If I get the math right, 20 years after we first started building windmills and subsidizing cars, everything would be paid off; and every year after that the US economy would generate a $300 billion “profit” on our investment – unless the price of a barrel of oil goes up. If it does, the amount of money coming back to our wallets every single year from then on, obviously, also goes up.

And if we were out of the “using oil for driving” business, once everything was paid off we could put almost $4000 a year (in today’s dollars) right back in the pocketbooks of every family in this country – which, if you ask me, represents a pretty good “tax cut”.

Let’s also keep in mind that any new oil drilled on our public lands might not necessarily end up in the US; that’s because even if oil companies were 100% free to “Drill, Baby, Drill” in our waters to their hearts’ content…they’d also be perfectly free to sell as much of that same oil, anywhere in the world, to whatever entity might end up being the highest bidder – and today, our friends in places like India and China are desperate to be that high bidder.

Put all of this together, and you get back to the question I posed at the top of the story: why in the world would we be in a hurry to “Drill, Baby, Drill”, when we could, instead, put all our efforts into getting out of oil, which would save us so much money that the conversion pays for itself?

Then, when oil’s running $400 a barrel or so, let’s use our oil to pay China back the trillion dollars we owe ‘em…which, at current production rates, would only take about 400 days, assuming it were possible to divert all our production for that purpose.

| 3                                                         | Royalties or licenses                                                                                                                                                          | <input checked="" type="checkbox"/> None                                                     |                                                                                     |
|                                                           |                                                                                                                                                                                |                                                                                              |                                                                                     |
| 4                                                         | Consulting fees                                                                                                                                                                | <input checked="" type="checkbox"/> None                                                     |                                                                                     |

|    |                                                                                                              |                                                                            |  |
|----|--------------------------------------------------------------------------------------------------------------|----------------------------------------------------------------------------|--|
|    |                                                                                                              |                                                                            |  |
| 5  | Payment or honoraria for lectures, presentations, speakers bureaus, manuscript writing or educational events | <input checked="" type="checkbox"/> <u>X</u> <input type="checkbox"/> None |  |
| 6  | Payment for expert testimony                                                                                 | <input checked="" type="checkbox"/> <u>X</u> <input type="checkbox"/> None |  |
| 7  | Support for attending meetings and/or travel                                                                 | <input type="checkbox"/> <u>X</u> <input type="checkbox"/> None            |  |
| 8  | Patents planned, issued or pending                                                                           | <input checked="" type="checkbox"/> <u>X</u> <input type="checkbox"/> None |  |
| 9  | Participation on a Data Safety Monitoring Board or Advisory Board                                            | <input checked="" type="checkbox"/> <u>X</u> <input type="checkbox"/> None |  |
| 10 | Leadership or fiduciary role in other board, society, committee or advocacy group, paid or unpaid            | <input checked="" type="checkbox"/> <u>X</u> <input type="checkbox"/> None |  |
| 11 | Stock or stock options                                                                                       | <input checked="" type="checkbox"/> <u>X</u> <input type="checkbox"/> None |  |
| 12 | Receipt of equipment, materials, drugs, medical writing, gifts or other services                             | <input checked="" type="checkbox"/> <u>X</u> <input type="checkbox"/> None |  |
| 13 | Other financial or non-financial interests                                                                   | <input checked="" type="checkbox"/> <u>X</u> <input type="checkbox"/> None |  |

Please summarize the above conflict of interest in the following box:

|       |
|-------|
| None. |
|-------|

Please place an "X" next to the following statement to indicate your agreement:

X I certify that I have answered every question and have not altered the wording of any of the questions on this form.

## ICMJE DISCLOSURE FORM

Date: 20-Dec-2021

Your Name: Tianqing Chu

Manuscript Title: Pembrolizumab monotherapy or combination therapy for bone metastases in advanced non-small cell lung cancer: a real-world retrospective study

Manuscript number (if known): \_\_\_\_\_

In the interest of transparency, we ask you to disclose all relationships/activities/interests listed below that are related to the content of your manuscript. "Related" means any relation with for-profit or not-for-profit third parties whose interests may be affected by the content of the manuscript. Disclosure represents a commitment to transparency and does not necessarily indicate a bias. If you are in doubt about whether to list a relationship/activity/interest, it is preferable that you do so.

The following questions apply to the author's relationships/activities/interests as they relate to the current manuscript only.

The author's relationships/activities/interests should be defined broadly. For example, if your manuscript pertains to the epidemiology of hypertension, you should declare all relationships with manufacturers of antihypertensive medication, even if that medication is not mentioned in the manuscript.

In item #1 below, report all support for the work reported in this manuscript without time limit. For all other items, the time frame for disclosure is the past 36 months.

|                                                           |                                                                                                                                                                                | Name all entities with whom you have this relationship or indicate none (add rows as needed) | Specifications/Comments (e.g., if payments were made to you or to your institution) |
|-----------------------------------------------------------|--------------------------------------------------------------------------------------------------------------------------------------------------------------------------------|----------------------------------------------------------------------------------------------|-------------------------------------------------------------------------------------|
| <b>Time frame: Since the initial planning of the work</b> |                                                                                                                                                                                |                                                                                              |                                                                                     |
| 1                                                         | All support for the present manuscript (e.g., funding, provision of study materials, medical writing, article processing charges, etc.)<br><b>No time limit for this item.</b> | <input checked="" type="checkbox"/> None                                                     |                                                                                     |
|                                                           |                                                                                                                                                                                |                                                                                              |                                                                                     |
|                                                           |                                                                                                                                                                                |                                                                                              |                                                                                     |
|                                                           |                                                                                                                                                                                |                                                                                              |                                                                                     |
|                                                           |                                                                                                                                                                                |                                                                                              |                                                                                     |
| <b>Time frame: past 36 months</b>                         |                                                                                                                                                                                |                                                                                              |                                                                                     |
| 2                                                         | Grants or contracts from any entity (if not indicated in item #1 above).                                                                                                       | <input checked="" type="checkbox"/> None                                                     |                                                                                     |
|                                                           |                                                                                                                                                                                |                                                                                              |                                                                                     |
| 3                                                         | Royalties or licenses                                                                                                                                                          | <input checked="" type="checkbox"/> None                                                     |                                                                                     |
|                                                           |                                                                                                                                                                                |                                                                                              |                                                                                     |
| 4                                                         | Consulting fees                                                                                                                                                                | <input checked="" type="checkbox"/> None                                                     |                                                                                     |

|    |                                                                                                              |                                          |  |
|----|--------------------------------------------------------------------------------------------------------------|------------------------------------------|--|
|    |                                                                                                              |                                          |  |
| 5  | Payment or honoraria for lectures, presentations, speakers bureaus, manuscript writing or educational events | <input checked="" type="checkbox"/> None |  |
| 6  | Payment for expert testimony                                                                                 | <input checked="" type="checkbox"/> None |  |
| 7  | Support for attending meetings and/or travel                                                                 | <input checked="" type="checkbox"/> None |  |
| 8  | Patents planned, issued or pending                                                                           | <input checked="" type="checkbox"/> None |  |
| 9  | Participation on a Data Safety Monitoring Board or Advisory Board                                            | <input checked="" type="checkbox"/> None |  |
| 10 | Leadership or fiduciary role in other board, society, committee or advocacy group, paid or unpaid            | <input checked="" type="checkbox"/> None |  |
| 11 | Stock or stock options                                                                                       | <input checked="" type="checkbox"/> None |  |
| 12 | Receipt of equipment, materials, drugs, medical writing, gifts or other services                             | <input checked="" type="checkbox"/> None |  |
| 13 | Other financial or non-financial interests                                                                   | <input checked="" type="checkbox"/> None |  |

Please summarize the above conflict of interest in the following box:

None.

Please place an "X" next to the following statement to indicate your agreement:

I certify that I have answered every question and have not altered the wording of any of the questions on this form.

To state it a bit more ironically, it may be that the smartest thing we can do right now is to conserve every possible drop of oil we have…until we don’t need it any more, and it becomes a sort of Strategic Cash Reserve that can help strengthen the dollar and reduce the national debt in the years to come, both at the same time.

Or to put it another way, the next time someone tells you they want to “Drill, Baby, Drill”…you can step right up, look them square in the eye, and ask: “Why do you hate America?”

And won’t that be fun?

 

On Happy-ing Their Gilmores, Or, Will Body Bags Be The New Gold Watch? April 26, 2011

We are continuing a recent theme here today in which two of my favorite topics are going to converge: Social Security and in-your-face political activism.

I have been encouraging folks to take advantage of the recent Congressional recess to have a few words with your CongressCritter about the proposed Death Of Medicare and all the proposed cuts to Social Security…and you have, as we’ll discuss…and now we have an opportunity to do something on a national scale, just as we did a few weeks ago in support of Social Security.

This time, we’re going to concentrate on fighting the idea that retirement ages should go up before we become eligible for Social Security and Medicare (and elements of Medicaid, as well), and that Americans should just keep right on working until the age of 67 or so—which isn’t going to be any big problem…really…trust us.

Now that just makes no sense, and to help make the point we have a really cool video that you can pass around to all your friends—and your enemies, for that matter, since they’ll also have to worry about what happens to them if they should ever make it to old age.

“…Art can create a climate of sensitivity in which it is possible for change to occur…”

Shabana Azmi, on Riz Khan’s Al Jazeera program One on One

Members of Congress are at home this week, and they love to go out and meet the voters—but it hasn’t been as much fun all of a sudden for some of them, and there are several videos out on the Web right now where it looks like Members wish they hadn’t been hanging out where the public could see them so easily.

Now some of these videos are loud and boisterous—but the one that should really scare Republicans was Charlie Bass’ appearance in Hillsboro, NH on the 4/20 holiday.